The Long Game 84: Heart Rate Variability, Fun, Superstition, Strength
🧠 Impact of Covid on Early Child Cognitive Development, Airlines, Annual Review, Egypt, and Much More!
Hi there, it’s Mehdi Yacoubi, co-founder at Vital, and this is The Long Game Newsletter. To receive it in your inbox each week, subscribe here:
In this episode, we explore:
Heart rate variability
Impact of the COVID-19 pandemic on early child cognitive development
Let’s dive in!
⌚ Heart Rate Variability
Heart rate variability (HRV) is a measure of your autonomic nervous system that can be extremely useful for evaluating your physical fitness and determining how ready your body is to perform. Generally speaking, higher HRV is a sign of better fitness.
After realizing that my HRV is lower than where I’d want to be, I did a bit of reading to see how I could improve it. As a general rule, you’d want your HRV to be as high as possible in the ranges below.
Here are a few things that could impact the HRV:
Activity: a good amount of exercise will positively impact your HRV, but I found out that when training intensely, the HRV is negatively impacted, at least at the beginning of a training phase. Focusing more on cardio training might also create a higher HRV baseline (that’s what I experienced: the months with more zone 2 running led to a higher HRV than the months with more strength training.)
Sleep: getting good sleep will positively impact your HRV. Especially not eating 3 hours before sleeping and getting 8 hours of sleep. Even *one* glass of alcohol will be significantly detrimental for your HRV, and the effect will persist for 2+ days…
Good nutrition: I’d be curious to see the correlation between appropriate glucose levels and HRV, which will definitely be possible on Vital in the future. In the meantime, eating clean and avoiding fried and ultra-processed foods will most likely help as well.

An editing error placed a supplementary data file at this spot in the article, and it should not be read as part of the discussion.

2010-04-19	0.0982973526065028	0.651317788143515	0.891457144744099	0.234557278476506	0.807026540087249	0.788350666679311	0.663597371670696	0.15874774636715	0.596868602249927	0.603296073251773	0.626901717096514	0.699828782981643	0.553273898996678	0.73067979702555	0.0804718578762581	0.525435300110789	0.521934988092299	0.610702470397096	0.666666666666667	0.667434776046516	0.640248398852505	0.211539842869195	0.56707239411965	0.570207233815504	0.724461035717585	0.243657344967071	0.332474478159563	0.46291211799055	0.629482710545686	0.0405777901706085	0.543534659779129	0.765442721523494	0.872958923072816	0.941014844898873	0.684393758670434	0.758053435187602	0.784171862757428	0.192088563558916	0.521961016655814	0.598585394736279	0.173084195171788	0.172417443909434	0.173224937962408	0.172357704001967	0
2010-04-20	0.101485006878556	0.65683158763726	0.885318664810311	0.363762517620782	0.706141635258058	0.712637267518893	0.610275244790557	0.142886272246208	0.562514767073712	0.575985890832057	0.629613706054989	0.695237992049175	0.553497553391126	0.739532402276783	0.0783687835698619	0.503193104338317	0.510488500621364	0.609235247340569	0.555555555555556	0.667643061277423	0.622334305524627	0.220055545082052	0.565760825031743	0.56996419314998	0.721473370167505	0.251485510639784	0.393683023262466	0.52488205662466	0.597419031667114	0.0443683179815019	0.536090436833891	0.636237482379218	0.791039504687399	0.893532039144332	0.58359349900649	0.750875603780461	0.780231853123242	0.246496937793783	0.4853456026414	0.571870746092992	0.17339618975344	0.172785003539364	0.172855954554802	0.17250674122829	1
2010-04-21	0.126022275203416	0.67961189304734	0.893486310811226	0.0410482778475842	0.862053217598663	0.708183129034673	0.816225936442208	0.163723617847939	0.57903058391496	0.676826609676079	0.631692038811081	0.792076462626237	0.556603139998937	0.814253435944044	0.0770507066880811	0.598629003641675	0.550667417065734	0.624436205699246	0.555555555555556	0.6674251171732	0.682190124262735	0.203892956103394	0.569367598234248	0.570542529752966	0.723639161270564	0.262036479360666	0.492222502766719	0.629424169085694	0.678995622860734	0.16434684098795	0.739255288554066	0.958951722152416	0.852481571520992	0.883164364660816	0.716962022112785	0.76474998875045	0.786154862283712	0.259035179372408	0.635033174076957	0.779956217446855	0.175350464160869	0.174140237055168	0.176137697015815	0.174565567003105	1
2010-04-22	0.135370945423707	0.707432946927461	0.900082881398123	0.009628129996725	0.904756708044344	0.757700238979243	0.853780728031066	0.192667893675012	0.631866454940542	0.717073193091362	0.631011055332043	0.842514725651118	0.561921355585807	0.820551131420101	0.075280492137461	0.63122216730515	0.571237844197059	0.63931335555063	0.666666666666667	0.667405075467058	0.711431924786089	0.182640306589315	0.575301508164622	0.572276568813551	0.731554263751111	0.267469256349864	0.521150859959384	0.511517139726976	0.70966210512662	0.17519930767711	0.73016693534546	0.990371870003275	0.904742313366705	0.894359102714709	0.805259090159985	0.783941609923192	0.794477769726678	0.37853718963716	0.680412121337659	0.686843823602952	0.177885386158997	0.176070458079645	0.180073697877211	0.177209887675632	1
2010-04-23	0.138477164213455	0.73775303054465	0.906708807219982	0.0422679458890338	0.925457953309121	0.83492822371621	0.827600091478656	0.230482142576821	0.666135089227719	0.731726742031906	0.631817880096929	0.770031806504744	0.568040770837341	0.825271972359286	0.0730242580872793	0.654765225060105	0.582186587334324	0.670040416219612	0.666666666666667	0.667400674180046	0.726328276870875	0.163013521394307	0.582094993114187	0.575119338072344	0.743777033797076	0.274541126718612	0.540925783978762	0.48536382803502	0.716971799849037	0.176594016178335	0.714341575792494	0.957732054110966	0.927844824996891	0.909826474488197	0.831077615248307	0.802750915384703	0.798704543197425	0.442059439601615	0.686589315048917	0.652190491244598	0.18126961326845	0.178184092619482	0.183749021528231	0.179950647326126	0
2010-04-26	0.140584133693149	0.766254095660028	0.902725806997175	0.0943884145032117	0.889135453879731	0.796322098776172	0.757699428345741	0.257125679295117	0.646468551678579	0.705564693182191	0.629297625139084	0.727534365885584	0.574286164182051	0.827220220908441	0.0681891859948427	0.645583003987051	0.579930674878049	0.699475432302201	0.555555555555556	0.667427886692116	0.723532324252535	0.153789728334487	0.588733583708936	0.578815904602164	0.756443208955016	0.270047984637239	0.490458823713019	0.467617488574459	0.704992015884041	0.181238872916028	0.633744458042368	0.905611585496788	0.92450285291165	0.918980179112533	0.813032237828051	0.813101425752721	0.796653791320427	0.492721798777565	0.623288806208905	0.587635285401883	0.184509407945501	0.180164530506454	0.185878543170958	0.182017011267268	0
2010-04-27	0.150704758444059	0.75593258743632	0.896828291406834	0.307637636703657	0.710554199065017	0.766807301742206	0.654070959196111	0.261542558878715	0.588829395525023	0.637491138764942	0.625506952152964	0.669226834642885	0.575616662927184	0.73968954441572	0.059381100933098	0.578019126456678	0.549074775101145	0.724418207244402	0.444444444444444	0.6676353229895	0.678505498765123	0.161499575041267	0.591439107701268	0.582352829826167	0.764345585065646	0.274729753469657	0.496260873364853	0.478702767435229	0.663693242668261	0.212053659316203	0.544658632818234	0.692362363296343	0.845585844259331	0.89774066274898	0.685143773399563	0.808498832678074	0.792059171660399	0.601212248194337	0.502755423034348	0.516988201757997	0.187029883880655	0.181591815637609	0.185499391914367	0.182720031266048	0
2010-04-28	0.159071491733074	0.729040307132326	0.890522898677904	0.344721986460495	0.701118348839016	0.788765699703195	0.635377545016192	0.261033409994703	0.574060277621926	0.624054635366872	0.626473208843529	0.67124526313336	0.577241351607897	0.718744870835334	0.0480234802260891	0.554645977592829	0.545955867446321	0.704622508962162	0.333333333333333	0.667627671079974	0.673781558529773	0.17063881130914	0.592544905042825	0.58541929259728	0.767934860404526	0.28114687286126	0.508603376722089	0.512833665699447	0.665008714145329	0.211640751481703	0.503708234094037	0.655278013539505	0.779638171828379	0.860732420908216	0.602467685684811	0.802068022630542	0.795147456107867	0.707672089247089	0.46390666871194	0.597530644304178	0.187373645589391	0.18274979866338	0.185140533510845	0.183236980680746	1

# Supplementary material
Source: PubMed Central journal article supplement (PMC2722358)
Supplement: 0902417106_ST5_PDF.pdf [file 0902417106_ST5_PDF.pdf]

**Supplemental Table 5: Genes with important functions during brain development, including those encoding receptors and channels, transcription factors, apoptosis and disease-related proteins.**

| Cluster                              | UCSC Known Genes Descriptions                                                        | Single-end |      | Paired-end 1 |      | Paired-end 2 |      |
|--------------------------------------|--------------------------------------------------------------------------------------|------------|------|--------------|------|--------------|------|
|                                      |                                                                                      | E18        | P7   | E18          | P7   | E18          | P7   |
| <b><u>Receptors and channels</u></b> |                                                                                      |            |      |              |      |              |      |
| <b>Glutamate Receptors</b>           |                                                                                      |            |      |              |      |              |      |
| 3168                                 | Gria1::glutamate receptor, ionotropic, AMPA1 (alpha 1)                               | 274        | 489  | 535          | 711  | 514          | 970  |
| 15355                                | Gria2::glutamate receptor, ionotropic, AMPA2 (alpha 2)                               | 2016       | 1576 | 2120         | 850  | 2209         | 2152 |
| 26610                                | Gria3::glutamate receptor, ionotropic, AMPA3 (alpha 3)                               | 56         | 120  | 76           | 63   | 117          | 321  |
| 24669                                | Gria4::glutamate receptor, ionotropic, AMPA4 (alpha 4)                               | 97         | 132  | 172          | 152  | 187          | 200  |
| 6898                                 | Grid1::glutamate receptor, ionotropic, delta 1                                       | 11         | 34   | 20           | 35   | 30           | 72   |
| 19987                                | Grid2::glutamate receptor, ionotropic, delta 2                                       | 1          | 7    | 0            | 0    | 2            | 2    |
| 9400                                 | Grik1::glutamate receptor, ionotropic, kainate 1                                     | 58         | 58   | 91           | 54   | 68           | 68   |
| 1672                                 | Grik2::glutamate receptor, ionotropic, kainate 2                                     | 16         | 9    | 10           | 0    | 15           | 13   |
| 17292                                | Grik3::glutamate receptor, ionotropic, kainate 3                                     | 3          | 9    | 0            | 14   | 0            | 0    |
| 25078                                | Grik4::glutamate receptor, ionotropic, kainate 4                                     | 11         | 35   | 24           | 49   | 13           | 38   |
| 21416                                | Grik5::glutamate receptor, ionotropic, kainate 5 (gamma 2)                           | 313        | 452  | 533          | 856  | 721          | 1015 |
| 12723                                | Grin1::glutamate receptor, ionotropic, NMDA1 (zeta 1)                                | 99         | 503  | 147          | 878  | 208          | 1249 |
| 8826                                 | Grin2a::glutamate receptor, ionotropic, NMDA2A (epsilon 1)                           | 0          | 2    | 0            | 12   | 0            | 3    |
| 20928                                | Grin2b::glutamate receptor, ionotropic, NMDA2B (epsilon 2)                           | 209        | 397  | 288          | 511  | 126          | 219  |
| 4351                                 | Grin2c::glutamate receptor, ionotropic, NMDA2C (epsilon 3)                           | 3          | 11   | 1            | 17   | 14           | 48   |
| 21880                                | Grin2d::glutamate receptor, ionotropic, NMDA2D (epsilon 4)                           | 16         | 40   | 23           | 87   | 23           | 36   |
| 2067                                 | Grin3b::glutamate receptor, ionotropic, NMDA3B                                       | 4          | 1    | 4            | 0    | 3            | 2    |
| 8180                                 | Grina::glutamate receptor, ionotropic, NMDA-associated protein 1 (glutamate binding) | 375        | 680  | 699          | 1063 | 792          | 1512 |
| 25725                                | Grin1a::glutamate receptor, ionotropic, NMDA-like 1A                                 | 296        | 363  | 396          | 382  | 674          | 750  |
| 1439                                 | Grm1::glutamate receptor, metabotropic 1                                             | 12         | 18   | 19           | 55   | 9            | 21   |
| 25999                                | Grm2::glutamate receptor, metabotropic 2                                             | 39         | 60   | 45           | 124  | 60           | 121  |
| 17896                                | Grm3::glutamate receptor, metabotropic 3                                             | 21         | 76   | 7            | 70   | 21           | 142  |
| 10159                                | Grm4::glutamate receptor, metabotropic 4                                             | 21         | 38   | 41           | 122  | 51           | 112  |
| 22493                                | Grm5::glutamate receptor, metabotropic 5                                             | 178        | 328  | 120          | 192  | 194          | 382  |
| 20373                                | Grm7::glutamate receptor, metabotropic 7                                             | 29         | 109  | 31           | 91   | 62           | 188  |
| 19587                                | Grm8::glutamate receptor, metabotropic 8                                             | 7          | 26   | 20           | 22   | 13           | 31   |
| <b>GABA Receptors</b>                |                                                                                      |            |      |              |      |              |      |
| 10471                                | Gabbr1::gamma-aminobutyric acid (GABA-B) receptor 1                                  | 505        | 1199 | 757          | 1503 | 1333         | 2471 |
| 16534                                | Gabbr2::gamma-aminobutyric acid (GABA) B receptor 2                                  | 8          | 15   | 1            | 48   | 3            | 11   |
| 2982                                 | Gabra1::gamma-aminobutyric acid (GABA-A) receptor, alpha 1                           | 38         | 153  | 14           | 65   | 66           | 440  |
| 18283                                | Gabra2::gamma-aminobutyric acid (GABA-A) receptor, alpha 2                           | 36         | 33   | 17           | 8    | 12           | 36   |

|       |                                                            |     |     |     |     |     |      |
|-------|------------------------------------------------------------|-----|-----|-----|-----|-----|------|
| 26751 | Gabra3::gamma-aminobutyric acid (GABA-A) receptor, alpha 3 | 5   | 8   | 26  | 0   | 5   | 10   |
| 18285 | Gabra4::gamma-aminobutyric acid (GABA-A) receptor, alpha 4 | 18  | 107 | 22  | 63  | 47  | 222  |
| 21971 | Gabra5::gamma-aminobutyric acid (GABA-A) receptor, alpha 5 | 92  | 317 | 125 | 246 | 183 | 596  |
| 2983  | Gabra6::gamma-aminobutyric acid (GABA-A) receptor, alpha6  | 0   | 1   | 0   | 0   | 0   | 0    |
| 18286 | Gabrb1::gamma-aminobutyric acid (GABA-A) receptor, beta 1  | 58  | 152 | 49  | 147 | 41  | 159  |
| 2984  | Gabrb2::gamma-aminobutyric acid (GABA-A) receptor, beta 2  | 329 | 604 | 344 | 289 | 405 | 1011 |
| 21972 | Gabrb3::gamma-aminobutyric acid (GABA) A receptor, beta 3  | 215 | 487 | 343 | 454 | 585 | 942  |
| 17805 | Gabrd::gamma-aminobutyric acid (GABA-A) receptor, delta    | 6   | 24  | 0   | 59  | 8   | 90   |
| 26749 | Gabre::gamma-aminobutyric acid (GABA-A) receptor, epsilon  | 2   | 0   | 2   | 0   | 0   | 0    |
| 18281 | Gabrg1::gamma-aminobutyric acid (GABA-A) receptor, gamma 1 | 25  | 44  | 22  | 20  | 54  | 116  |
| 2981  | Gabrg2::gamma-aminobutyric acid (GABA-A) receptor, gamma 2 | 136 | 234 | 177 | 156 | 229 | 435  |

Breathing: there’s some pretty good evidence that breathing exercises can improve your HRV. That’s what Resonance is working on (I haven’t tried it yet.) The Wim Hof Method is also reported to improve HRV.
Stress: this is a huge one. You’ll see that your HRV tends to be lower during intense work periods. Meditation could have a stress-relieving effect and thus increase your HRV (on a different note, I noticed that meditation lower my glucose levels in about 10 min, quite a surprising and powerful effect 🧘♂️)
I hope to get my HRV in the 100ms range over the next couple of months.
Ps: when it comes to measuring your HRV, Oura, Whoop are good solutions, but the Apple Watch through Apple Health is not. You can use HRV4Training instead.
🧠 Impact of the COVID-19 Pandemic on Early Child Cognitive Development
I try to stay away from the covid discussion as much as possible. Still, I thought this paper was important to share, especially for parents with young kids:
Since the first reports of novel coronavirus in the 2020, public health organizations have advocated preventative policies to limit virus, including stay-at-home orders that closed businesses, daycares, schools, playgrounds, and limited child learning and typical activities.
Fear of infection and possible employment loss has placed stress on parents; while parents who could work from home faced challenges in both working and providing full-time attentive childcare.
For pregnant individuals, fear of attending prenatal visits also increased maternal stress, anxiety, and depression.
Not surprising, there has been concern over how these factors, as well as missed educational opportunities and reduced interaction, stimulation, and creative play with other children might impact child neurodevelopment.
Leveraging a large on-going longitudinal study of child neurodevelopment, we examined general childhood cognitive scores in 2020 and 2021 vs. the preceding decade, 2011-2019.